Some Amazon Kindles to be impacted by 3G shutoff

The cellular versions of the popular e-reader devices will require a Wi-Fi connection to download books and documents in a few years.
(Photo courtesy Amazon, Graphic by The Desk)

Millions of users of Amazon’s Kindle e-reader device will soon find themselves unable to take advantage of a pretty big feature that is found on some of the more expensive versions of the gadget.

Since 2010, Amazon has offered for sale a variant of its Kindle e-reader that is able to connect to AT&T’s third-generation (3G) wireless network. By using AT&T’s network, customers are able to download books and documents without needing to first connect to a Wi-Fi network, making it convenient for travelers and commuters to download books on the go.

But starting next year, millions of those devices on the market will no longer be able to utilize this feature, thanks in large part to AT&T’s decision to shut off its 3G network in favor of its more-robust 4G LTE and next-generation 5G networks.

The issue was first reported on Tuesday by Michael Kozlowski, the editor-in-chief of the website Good E-Reader, who noted that Amazon had for years limited the cellular versions of its Kindle devices to AT&T’s 3G network. Starting in 2017, the company began offering Kindle devices capable of connecting to AT&T’s 4G LTE network, but Kozlowski speculates there are still millions of Kindle devices in use that will soon only work with Wi-Fi networks despite customers paying more for cellular connectivity.

“This whole situation is a serious blow to anyone who spent the extra money to buy digital content while on the go,” Kozlowski wrote. “Some Kindle models cost over $150 extra for a cellular internet connection. Luckily, almost every Kindle ever made has wireless internet access, so users will be able to access the Amazon bookstore with Wi-Fi.”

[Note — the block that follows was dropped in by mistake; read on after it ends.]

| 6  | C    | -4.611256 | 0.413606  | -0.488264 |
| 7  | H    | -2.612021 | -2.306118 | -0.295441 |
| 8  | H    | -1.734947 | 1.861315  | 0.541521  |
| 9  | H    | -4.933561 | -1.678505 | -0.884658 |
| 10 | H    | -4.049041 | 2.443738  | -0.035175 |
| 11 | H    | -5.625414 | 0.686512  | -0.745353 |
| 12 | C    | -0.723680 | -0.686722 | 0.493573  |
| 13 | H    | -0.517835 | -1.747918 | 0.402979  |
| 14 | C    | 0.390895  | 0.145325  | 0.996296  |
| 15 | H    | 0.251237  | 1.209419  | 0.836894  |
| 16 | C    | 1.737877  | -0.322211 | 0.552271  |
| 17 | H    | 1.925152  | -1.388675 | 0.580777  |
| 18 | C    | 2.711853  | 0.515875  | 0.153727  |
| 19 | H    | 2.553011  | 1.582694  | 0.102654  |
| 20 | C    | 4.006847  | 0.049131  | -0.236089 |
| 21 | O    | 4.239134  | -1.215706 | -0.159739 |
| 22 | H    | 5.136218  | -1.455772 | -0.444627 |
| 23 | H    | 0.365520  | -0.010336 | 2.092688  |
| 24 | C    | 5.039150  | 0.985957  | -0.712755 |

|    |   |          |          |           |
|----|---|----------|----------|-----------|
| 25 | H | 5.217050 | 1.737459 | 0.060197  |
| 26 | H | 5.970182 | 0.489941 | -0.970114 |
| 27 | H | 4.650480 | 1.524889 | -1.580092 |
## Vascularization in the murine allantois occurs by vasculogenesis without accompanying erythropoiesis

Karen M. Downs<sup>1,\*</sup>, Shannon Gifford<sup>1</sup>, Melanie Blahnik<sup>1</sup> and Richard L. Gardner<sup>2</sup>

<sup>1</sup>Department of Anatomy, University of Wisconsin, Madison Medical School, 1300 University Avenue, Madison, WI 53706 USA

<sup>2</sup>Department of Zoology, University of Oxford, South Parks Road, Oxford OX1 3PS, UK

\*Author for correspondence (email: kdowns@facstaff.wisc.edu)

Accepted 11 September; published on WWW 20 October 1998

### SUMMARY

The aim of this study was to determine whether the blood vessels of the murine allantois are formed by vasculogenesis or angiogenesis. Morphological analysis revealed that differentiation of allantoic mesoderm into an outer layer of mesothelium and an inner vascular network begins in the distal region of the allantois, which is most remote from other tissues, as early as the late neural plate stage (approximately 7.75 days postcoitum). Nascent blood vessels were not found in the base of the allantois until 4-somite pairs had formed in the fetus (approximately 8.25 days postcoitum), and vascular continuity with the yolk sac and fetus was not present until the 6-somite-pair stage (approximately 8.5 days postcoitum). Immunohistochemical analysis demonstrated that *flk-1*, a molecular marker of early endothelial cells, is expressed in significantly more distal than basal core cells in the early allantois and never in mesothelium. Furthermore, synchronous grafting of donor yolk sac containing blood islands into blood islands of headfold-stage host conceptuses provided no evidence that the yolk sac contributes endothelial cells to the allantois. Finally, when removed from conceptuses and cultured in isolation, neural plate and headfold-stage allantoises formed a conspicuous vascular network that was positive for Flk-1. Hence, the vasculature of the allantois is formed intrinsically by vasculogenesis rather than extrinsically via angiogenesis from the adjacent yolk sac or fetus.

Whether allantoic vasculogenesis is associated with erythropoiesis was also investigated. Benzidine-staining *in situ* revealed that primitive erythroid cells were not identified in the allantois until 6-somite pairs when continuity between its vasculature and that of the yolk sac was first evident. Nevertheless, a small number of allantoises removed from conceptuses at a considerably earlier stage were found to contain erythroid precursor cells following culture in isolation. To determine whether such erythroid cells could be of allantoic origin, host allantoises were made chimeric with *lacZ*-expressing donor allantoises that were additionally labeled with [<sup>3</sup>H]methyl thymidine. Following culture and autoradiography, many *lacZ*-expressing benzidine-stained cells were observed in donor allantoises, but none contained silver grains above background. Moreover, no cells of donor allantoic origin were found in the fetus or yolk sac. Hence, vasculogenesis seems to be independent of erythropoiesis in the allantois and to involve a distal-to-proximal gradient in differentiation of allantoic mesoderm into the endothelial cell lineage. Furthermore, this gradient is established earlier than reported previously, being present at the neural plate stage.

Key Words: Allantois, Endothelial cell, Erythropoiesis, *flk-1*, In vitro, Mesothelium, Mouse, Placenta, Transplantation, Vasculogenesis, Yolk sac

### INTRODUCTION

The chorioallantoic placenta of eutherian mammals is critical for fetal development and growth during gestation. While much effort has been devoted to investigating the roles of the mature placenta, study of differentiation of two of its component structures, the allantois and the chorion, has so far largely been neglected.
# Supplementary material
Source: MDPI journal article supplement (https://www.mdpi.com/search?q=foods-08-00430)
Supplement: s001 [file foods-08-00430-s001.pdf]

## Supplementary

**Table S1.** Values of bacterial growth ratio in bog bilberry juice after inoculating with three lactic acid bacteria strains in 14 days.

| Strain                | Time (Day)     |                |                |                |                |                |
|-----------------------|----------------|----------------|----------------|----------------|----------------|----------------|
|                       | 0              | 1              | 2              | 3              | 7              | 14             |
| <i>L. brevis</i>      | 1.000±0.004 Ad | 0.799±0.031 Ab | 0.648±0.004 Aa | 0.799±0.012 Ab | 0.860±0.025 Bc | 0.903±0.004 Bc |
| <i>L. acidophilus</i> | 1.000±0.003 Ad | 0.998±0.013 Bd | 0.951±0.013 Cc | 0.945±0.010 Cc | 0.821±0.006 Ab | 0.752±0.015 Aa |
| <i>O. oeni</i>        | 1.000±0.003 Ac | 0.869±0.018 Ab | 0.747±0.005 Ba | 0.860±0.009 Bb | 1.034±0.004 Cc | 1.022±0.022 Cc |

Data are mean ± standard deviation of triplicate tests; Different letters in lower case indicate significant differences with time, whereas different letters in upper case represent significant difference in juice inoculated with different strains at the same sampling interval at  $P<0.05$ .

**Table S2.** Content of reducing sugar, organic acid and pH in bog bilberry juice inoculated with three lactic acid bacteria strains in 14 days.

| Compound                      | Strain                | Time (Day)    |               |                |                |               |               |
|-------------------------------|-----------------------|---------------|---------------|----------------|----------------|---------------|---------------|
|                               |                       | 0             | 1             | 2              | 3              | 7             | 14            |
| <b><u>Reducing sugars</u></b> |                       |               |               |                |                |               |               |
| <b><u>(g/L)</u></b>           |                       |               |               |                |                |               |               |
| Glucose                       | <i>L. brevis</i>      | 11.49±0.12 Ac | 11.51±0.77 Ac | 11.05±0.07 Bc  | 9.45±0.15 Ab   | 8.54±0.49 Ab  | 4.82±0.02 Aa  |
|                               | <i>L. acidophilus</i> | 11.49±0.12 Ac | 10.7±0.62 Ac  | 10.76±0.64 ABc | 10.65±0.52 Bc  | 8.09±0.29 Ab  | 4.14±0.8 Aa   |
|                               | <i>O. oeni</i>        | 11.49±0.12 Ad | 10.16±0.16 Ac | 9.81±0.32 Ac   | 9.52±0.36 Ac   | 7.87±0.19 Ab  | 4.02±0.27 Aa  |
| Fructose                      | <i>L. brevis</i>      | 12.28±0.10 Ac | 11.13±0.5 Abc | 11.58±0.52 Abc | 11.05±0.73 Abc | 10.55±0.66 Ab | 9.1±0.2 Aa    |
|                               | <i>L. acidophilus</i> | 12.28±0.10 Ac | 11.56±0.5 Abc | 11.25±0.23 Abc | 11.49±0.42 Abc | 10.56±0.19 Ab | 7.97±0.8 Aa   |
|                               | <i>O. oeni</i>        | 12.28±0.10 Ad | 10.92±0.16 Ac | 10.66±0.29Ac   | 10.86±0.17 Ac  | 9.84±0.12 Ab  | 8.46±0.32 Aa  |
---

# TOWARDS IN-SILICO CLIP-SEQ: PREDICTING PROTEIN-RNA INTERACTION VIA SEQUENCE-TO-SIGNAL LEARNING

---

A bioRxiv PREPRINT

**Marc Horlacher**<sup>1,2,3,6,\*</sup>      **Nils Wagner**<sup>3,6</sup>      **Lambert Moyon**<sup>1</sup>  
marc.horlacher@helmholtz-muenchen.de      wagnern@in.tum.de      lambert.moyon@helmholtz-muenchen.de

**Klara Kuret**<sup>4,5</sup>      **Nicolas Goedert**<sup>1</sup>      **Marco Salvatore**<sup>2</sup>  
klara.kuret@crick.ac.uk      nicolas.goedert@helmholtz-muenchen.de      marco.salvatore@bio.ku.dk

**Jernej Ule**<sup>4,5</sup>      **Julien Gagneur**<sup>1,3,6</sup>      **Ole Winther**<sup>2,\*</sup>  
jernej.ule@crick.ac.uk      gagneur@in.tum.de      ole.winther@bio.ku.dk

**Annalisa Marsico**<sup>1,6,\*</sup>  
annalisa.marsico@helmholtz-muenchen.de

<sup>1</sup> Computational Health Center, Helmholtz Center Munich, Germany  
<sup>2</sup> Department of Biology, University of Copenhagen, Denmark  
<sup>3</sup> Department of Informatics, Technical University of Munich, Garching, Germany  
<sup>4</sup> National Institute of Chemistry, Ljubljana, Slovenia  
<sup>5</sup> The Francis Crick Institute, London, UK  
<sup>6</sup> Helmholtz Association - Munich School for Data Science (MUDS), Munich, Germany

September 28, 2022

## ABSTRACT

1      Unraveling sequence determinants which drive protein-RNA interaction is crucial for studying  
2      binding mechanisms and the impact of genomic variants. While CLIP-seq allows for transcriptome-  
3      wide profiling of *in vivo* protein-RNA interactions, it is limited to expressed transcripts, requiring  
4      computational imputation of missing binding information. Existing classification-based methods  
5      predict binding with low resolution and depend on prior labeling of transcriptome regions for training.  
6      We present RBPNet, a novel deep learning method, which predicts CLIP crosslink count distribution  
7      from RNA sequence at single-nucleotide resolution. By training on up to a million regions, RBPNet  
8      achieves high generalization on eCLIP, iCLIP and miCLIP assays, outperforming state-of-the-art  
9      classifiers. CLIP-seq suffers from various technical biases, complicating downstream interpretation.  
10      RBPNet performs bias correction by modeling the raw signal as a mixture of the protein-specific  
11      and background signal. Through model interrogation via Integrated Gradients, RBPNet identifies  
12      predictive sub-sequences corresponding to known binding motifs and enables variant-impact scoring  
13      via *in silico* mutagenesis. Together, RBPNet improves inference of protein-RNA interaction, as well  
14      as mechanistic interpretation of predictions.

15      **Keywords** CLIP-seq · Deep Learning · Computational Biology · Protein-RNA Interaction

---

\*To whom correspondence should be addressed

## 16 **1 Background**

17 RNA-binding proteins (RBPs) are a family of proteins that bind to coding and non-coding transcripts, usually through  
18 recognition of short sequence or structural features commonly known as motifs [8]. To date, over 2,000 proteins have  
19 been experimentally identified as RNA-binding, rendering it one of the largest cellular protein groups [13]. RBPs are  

The good news is that Wi-Fi feature will still allow older Kindle users to connect to a cellular network if a customer has a smartphone with a hotspot feature, assuming their phone plan allows it. If not, they’ll have to upgrade their phone, their plan or buy a separate hotspot device, which could be an inconvenience for budget-conscious readers who paid a bit more, so their Kindles can once again download books on the go.

There’s also the expense involved in any of those options: One big draw for the more-expensive Kindles was that customers didn’t need to pay for a separate data plan through AT&T — Amazon covered the expense of downloading books from its store and browsing the web through its Silk browser. Users were only charged if they sent documents to their devices over 3G.

Users who don’t have hotspot data included in their phone plans would need to upgrade if they wanted to connect their smartphones to their Kindles while on the go. Some budget and prepaid options don’t offer hotspot connectivity at all; those customers would have to upgrade their phone plan or buy a separate hotspot device, which comes with separate charges.

Despite the planned shutdown of AT&T’s 3G network, Amazon is still selling 3G-capable devices, including a variant of its popular Kindle Paperwhite, which retails on the website for $50. Amazon’s discount seller, Woot, has also offered cellular versions of the Kindle device for sale, without any mention that the devices will stop working with AT&T’s 3G network by next year.

Luckily, Amazon has a Kindle trade-in program for those who have held on to older devices. As of this writing, both the original Kindle Keyboard with 3G and the original Kindle Paperwhite with 3G can be traded in for a $5 Amazon gift card, which can then be used on anything in the Amazon store, including a new Kindle device.

Those who are looking to upgrade their devices may want to wait about two more weeks: Amazon’s Prime Day starts June 21, and the tech company often discounts the price of its own products, including Kindle hardware.

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